Jack Holzberg, from Forest Hills, a neighborhood in New York City's Queens borough, was discharged from CareOne at Hanover, a rehab center in New Jersey, on Tuesday after he spent weeks fighting the deadly virus.
“He’s just one of the toughest people that I know,” Holzberg’s grandson-in-law Jeff Wasserman told NBC New York.
The great grandfather of five has been a fighter his whole life. As a teenager, Holzberg survived multiple concentration camps in Austria and Poland, according to testimony he gave to the USC Shoah Foundation Institute in 1996.
In a post on Facebook, Holzberg’s granddaughter Erica Wasserman expressed her gratitude for her grandfather’s health care team. “As a Holocaust survivor, he personifies strength and positivity. We are beyond grateful to everyone who cared for him and we can’t wait for the day when we can all celebrate together,” Wasserman wrote.
New York will hire up to 17,000 people to trace contacts of people with coronavirus
New York Gov. Andrew Cuomo and former New York City Mayor Michael Bloomberg on Thursday detailed plans to develop a massive program for tracing the contacts of people in the state who test positive for coronavirus.
Cuomo said the effort will require hiring between 6,400 and 17,000 contact tracers, depending on the spread of the virus.
Bloomberg, whose philanthropic organization is helping to lead the program's launch, joined Cuomo via video during the governor's daily coronavirus briefing.
"When social distancing is relaxed, contract tracing is our best hope for isolating the virus when it appears and keeping it isolated," Bloomberg said.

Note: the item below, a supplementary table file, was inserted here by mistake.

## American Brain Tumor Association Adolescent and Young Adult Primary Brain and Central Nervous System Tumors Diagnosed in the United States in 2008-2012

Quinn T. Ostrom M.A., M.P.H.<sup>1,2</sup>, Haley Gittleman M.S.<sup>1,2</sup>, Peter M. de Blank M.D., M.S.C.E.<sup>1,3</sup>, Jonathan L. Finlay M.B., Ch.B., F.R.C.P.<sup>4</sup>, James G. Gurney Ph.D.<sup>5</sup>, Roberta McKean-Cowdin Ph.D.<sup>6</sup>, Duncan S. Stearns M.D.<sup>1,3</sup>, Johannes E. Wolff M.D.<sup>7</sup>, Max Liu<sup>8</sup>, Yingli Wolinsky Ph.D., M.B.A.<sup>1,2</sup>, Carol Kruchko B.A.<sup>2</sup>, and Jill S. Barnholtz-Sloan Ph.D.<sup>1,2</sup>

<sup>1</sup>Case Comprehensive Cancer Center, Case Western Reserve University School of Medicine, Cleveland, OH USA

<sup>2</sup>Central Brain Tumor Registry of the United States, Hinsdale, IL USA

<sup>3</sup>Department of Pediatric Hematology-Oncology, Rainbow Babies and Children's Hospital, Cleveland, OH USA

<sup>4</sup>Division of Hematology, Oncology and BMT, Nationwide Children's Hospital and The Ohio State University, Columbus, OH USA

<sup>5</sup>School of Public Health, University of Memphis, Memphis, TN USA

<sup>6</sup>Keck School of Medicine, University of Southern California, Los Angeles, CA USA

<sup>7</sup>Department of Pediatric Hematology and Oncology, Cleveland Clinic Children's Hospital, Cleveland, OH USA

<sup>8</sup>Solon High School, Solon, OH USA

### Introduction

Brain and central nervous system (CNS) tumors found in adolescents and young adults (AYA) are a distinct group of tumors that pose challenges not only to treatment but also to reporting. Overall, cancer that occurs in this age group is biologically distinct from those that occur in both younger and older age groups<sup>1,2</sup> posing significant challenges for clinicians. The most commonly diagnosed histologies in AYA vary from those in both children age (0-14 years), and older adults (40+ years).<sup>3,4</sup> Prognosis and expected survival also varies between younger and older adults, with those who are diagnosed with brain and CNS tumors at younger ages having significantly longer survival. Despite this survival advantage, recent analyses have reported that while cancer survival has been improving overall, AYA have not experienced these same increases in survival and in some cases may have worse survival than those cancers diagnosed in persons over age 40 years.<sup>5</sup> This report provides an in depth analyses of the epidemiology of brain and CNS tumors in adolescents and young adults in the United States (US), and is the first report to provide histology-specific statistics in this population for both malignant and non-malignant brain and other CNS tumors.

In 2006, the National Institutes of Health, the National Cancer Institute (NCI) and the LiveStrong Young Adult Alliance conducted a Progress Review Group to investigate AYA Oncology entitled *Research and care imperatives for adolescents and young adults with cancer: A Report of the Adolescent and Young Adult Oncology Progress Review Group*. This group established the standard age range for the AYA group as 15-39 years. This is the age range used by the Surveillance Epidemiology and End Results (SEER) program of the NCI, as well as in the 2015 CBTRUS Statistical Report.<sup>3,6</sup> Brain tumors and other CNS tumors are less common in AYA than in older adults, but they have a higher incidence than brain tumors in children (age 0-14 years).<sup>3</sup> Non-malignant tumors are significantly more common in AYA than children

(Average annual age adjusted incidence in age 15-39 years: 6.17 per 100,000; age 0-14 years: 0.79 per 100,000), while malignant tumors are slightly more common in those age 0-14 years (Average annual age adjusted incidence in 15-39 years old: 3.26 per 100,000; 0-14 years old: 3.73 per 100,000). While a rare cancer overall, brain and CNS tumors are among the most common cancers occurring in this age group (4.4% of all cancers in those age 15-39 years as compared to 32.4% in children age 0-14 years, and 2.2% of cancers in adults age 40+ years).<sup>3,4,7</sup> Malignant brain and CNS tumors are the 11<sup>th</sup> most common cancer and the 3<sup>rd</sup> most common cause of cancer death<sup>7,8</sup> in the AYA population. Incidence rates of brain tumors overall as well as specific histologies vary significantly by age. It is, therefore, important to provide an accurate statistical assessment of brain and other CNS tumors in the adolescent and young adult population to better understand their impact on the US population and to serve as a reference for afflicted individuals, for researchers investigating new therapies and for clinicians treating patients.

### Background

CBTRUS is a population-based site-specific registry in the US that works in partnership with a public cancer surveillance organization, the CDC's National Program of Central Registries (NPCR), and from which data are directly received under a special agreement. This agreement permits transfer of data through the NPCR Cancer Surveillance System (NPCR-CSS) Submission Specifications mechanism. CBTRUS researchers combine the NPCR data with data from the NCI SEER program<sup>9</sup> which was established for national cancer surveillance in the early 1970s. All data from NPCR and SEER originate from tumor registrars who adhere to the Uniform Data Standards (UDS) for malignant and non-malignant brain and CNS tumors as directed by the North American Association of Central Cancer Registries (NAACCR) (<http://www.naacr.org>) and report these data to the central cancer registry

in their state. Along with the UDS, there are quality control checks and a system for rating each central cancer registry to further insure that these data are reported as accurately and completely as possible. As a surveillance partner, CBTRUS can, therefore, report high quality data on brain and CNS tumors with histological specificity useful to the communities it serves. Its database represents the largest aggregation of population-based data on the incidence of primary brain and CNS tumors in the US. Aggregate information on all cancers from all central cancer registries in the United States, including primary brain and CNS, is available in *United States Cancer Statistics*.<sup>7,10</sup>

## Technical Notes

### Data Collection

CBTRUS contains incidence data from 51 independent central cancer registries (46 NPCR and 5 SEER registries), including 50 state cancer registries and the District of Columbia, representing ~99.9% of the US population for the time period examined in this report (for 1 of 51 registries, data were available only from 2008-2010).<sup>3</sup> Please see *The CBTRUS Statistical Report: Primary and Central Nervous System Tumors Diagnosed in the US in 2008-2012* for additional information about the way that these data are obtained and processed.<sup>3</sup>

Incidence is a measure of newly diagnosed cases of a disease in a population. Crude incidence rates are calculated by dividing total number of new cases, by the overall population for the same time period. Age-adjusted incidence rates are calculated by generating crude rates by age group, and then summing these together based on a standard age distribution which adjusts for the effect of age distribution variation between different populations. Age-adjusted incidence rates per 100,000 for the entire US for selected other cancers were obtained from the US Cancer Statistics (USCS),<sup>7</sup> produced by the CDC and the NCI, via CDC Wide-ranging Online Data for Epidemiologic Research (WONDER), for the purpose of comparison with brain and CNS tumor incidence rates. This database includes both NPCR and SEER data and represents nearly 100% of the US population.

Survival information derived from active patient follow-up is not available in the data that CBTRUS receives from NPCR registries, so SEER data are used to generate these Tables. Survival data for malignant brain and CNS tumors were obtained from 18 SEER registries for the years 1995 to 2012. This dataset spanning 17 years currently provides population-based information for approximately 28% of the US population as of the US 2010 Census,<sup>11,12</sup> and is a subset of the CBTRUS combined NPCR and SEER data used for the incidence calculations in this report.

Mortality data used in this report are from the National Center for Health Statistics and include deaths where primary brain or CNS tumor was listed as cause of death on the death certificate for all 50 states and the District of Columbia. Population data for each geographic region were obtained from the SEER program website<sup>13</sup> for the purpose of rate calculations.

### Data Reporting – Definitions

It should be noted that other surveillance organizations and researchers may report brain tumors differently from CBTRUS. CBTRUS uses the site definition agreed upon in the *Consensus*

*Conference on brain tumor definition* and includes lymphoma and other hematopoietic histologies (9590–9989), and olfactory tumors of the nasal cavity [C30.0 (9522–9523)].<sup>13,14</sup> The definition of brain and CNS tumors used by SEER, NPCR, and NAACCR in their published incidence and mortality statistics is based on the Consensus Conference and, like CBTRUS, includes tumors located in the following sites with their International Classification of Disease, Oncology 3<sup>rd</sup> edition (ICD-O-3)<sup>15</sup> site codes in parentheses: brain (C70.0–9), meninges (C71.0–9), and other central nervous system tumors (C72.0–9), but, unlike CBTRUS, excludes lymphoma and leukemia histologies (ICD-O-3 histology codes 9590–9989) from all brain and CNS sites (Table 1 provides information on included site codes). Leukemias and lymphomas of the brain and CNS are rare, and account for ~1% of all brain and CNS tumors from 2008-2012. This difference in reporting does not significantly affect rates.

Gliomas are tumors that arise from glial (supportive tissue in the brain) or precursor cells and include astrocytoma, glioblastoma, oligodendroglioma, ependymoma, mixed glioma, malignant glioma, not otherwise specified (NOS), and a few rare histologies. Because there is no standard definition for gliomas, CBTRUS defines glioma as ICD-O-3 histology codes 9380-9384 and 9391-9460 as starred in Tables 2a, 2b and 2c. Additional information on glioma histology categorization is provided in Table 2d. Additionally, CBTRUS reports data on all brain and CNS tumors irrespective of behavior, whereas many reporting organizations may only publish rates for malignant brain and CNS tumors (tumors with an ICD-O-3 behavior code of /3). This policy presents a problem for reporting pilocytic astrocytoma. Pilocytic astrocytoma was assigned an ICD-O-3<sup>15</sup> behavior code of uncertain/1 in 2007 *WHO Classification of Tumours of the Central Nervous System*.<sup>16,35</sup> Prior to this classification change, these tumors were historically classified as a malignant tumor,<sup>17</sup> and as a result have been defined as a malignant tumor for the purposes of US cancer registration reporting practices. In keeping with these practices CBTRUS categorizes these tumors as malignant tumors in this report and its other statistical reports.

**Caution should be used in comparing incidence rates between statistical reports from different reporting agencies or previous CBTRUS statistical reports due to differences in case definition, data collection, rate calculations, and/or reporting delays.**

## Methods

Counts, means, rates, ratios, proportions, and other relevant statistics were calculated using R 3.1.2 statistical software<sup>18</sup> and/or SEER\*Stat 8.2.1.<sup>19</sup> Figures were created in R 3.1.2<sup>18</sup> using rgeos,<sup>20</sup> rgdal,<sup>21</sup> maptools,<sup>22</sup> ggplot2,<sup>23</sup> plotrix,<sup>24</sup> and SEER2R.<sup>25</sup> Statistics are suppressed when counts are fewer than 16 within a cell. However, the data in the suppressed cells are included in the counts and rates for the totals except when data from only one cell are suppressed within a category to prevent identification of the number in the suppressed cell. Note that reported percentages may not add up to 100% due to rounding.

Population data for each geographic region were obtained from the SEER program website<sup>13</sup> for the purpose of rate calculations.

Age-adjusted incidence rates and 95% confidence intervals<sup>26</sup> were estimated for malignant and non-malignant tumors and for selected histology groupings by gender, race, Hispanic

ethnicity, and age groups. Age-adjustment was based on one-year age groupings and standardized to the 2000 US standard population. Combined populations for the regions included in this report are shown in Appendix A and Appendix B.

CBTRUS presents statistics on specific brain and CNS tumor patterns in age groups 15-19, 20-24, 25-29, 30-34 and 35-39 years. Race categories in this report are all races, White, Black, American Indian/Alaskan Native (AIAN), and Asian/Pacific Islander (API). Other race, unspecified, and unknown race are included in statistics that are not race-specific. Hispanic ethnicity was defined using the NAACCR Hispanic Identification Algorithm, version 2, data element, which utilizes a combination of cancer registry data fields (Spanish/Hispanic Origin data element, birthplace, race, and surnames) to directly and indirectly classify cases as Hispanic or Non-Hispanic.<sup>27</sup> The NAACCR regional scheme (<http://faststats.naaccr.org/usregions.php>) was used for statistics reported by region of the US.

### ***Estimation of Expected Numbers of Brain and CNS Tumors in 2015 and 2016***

He said Johns Hopkins University has developed a training class for contact tracers that can be taken remotely.
Vaccine by January is 'doable,' Fauci says
Fauci, the director of the National Institute of Allergy and Infectious Diseases, told the "TODAY" show on Thursday that the government is determining whether a vaccine is effective before beginning to manufacture hundreds of millions of doses.
"We want to go quickly, but we want to make sure it's safe and it's effective," Fauci said. "I think that is doable if things fall in the right place."
In January, Fauci estimated that a vaccine against the coronavirus could be developed in a year to 18 months.
NYC Mayor says funeral home storing bodies in U-Haul was 'absolutely unacceptable'
New York City Mayor Bill de Blasio said it is "absolutely unacceptable" that a funeral home in Brooklyn stored bodies in moving trucks after running out of space.
Andrew T. Cleckley Funeral Services was issued two citations this week after police found 50 bodies had been stored in four trucks, including rentals from U-Haul. The owner, who was not criminally charged, told officials that he had an overflow of bodies and was trying to do his best.
"This horrible situation that occurred with the funeral home in Brooklyn, absolutely unacceptable," the mayor said at his news conference on Thursday. "They have an obligation to the people they serve to treat them with dignity. I have no idea in the world how any funeral home can let this happen."
Funeral homes are regulated by the state and not the city, but de Blasio said the owner should have reached out for help if the were having issues with storage. "It's unconscionable to me," he said.
Brooklyn Borough President Eric Adams said he would be convening a bereavement committee on Monday to address the incident and demand the city do better, NBC New York reported. De Blasio said he supports Adams' plan.